10 And it came to pass, when the priests came out of the holy place, that the cloud filled the house of the LORD, 11 so that the priests could not continue ministering because of the cloud; for the glory of the LORD filled the house of the LORD. 1Kings 8:10-11
Or do you not know that your body is the temple of the Holy Spirit who is in you, whom you have from God, and you are not your own? For you were bought at a price; therefore glorify God in your body and in your spirit, which are God’s. 1 Corinthians 6:19-20
I was driving through Kansas City, MO on business. As I drove through part of the city, I saw a large, beautiful church. The initial view was obscured, but it looked like something special, a real architectural jewel, so I kept my eyes peeled as I got closer.
When I was clear of some trees, I saw it in all of its faded glory. Where there must have been at one time beautiful stained glass windows, there were now white boards. Maybe it’s abandoned, maybe its members just don’t have the funds to do better. I couldn’t help thinking that the poor, old building deserved to have its windows back.
There are a lot of spots to fill, and I realized it would be a costly, time-consuming effort. The man who made most all of the stained glass windows for the National Cathedral in Washington DC made a career of making and installing the windows there. He started when very young. The last time I was there over 10 years ago, he was an old man. Some windows still had plain glass, waiting for another masterpiece to fill them. The tour guide said he wasn’t sure if he’d be able to finish what he’d begun. I’m sure he’s at least semi-retired now.
My next thought was that maybe the effort and money would be better spent on the mission of that church. Or the mission of any church for that matter. I’d have a hard time spending so much cash when there are people in need.
Follow me as my mind flitted about: my next thought was a memory from my last acting job. We had ended a run of The Magnificent Yankee, and I was sitting on stage with a friend looking at the partially-demolished set. Parts of it could be seen through the double doors to the alley, thrown out as trash. It occurred to us what a huge waste that was. How many decent shanties could be built with those materials! People with no shelter at all would welcome them. It would be something, at least! Perhaps a more fitting offering to needs than stained glass.
My friend and I had this blinding glimpse of the obvious. We and the endeavor we were part of were nothing but a luxury. Easily assembled, and even more easily thrown out.
How much of our resources do we waste on luxuries? How much do we spend on churches, when perhaps something more modest will serve as well? I don’t know.
You see, Solomon spared no expense when it came to building the temple in Jerusalem. It was dedicated to God’s glory, and He filled it in the form of a cloud. There was only one temple for the Jews. That one. No other was needed or sanctioned.
Today we build many churches per city. They are likewise dedicated to God, but I think they are not on a par with The Temple in purpose. Today they are places of worship. The Temple was God’s dwelling place among His people in Jerusalem. Today, we build them well, even extravagantly, in reverence – I hope – to God. I mean, if you are inviting God over to your place, would you offer him the room over the garage or the master suite in the house?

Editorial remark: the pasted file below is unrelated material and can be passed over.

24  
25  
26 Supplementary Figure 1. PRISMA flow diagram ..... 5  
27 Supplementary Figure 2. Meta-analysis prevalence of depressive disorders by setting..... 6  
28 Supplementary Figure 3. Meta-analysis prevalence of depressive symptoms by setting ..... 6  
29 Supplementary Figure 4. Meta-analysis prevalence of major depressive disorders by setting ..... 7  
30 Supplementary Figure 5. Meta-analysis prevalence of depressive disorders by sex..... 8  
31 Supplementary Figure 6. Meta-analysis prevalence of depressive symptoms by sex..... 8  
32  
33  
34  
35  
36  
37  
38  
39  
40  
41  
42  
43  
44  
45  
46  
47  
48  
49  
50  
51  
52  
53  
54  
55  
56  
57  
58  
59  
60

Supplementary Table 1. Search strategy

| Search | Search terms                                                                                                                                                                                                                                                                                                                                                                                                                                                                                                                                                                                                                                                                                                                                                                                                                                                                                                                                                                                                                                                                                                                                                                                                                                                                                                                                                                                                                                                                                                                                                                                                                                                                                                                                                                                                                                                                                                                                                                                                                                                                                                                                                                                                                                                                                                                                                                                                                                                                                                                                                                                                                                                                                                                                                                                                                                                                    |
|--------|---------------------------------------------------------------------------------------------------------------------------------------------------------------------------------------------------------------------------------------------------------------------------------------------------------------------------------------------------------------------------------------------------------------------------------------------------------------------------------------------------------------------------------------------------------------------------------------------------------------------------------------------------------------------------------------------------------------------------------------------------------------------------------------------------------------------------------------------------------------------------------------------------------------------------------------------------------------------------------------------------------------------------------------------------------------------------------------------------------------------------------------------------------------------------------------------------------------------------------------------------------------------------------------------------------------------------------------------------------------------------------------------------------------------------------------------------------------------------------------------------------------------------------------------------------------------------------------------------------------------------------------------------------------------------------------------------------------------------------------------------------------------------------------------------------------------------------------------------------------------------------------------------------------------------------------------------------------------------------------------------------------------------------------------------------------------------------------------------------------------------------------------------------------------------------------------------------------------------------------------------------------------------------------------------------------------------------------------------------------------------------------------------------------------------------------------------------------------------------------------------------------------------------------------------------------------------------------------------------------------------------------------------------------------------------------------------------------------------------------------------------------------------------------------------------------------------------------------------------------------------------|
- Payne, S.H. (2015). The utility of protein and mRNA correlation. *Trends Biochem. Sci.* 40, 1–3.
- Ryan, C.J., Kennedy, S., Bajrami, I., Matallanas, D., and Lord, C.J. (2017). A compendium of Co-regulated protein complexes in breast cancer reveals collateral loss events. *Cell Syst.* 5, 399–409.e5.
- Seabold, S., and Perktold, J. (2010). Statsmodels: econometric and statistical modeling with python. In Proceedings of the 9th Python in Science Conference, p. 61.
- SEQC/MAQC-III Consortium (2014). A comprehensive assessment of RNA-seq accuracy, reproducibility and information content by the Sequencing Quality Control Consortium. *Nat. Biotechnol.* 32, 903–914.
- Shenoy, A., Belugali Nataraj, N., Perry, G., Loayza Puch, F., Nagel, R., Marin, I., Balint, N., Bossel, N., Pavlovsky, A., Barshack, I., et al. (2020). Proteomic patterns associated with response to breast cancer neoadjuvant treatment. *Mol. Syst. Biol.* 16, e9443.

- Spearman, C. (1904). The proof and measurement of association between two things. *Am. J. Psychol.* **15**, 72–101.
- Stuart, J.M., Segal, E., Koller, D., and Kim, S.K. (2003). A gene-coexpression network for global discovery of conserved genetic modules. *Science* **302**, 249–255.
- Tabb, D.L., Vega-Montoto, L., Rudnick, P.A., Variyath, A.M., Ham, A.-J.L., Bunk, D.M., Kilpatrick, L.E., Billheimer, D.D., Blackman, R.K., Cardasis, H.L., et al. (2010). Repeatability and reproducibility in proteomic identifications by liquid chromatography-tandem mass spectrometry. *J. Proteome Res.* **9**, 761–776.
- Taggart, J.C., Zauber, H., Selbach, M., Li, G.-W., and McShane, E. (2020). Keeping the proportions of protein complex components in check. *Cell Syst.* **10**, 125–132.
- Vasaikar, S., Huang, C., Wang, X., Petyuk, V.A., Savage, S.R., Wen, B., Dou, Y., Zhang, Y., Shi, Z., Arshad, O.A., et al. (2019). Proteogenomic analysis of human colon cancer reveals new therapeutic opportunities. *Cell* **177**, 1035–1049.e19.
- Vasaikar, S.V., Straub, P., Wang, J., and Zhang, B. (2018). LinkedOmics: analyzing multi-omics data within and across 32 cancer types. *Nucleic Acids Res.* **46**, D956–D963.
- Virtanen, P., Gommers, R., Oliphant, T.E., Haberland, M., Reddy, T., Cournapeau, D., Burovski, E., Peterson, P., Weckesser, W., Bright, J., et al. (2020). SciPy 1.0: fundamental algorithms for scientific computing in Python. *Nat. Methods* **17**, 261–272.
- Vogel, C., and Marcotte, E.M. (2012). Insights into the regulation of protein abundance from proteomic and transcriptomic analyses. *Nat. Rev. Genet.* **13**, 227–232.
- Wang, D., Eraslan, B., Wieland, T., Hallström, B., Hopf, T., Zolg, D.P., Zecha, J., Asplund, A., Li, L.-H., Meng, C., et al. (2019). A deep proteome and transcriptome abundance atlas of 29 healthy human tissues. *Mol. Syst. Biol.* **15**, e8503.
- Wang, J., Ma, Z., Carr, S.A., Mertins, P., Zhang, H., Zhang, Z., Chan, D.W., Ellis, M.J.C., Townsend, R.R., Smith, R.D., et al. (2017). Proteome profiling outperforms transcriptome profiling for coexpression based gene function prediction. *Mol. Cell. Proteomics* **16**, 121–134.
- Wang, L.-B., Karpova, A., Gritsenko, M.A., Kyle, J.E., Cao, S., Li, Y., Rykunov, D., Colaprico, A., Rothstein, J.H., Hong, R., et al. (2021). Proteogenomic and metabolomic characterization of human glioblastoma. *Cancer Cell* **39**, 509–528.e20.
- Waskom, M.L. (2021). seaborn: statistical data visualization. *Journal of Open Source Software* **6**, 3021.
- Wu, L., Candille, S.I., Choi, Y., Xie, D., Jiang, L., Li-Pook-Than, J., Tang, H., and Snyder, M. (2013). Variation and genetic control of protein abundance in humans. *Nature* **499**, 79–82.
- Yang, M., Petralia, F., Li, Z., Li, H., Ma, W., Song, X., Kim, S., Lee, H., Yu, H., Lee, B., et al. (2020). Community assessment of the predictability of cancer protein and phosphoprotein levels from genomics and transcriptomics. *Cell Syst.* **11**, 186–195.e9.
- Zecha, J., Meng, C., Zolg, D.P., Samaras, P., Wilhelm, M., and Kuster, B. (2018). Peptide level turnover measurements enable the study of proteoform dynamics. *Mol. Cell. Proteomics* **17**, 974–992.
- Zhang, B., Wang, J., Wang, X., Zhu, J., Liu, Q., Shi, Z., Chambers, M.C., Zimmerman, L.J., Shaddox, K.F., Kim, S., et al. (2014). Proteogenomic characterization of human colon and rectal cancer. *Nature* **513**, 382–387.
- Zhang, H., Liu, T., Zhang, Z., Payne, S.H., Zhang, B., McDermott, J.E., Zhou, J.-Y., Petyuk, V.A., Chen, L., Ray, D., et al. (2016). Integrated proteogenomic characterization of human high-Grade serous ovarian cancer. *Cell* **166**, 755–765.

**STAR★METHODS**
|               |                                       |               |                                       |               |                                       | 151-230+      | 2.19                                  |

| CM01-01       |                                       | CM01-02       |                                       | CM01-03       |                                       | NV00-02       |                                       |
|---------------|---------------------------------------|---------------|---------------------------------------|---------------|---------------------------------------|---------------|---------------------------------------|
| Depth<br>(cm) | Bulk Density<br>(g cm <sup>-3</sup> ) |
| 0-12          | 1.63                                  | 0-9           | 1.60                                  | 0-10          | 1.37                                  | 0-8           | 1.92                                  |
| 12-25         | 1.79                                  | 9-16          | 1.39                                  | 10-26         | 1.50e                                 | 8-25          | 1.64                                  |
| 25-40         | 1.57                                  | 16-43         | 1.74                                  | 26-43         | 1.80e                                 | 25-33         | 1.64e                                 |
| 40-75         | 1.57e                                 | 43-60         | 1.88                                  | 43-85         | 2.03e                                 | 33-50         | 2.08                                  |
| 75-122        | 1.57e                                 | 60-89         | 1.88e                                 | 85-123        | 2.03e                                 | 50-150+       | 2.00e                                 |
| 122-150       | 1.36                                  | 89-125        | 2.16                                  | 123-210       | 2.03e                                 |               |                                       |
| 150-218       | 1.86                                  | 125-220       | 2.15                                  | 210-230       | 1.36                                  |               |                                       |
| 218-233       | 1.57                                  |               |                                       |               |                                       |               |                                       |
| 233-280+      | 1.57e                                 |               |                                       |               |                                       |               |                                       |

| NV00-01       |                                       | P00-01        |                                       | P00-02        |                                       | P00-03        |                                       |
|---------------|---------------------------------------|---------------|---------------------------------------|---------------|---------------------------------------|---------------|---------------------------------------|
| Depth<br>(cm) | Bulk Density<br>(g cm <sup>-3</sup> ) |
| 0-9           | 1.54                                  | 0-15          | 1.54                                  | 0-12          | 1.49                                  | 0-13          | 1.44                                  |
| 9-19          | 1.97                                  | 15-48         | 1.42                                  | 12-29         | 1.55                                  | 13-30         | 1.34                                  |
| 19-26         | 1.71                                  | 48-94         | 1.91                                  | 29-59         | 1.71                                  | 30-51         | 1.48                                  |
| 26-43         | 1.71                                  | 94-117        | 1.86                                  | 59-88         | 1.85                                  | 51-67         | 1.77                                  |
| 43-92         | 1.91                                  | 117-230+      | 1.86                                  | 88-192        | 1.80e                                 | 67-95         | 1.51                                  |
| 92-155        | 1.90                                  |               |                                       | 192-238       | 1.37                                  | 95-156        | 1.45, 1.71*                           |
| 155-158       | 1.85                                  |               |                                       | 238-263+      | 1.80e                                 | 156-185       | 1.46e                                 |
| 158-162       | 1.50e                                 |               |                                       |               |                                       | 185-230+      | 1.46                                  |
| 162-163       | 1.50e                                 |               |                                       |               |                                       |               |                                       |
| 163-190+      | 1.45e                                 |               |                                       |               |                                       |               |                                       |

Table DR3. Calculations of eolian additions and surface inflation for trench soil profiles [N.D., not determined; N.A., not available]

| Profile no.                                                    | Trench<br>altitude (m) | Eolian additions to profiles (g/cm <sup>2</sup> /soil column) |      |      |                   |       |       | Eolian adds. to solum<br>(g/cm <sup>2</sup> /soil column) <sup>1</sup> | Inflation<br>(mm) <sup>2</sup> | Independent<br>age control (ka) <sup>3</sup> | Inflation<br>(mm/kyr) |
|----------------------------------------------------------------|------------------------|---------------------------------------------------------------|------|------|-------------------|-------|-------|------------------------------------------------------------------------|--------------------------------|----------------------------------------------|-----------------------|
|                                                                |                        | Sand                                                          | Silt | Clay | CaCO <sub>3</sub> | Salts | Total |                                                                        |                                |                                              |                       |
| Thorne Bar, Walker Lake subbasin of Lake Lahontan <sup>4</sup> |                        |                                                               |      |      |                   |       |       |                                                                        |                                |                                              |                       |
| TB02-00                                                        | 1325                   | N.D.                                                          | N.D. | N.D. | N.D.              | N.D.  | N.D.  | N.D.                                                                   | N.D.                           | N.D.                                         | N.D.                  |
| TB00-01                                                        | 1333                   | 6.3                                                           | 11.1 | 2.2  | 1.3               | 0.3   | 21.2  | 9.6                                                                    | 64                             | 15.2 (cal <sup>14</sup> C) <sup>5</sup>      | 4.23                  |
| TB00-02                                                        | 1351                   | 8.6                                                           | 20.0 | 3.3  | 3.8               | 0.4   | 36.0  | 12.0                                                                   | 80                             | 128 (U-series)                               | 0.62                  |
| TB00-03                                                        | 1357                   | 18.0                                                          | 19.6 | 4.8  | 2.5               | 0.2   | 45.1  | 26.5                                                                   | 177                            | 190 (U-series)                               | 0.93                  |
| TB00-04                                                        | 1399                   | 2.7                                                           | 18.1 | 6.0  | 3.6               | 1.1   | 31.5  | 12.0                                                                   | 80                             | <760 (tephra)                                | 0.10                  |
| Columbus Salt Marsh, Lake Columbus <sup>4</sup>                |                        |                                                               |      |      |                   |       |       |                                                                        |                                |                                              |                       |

Since Jesus’ time on earth, we are told to regard our bodies as temples: “Or do you not know that your body is the temple of the Holy Spirit… therefore glorify God in your body and in your spirit, which are God’s.”
Therein lies the rub, the tension, if you will. How well should we build the buildings compared to how well we build the body of the church? I’m old school, so I think we should have good church structures. They should be attractive and well maintained. You don’t invite guests over without having your house in good order.
That being said, the building should never be the goal itself. I’ve been to all of the major cathedrals; St. Peter’s in Rome, St. Paul’s and Westminster in London, The National Cathedral in DC, and Notre Dame in Paris. All are beautiful. All are impressive. At least one, in my opinion, edifies man as much as God. Maybe more.
St. Peter’s is the only one that left me feeling…weird. It seemed to me almost pagan. People lined up by the busload to rub the right foot of a bronze statue of a sitting St. Peter for good luck. It has been rubbed so much over the years, it is deformed into a sort of clubbed foot. There are two corpses of past popes in glass sarcophagi with kneelers before them. People kneel and pray to the corpses.
To the glory of man more than God.
Better a church with clean, modest architecture and simple stained glass to help illustrate biblical events and truths. Better this with community outreach and an outward focus of building our personal and corporate temples as the body of Christ.
Where is the balance point? I honestly don’t know with certainty. I do believe we should err on caution’s side.
“Love the Lord your God with all your hear, with all your soul, and with all your mind…Love your neighbor as yourself.” Jesus
“…work your own salvation with fear and trembling.” St. Paul
Temples need to be built, both as places to worship and as living sacrifices to God. Whether the latter is our individual body or the body of the church. Just build. Whenever you get a chance.
What do you think? I and other readers want to know!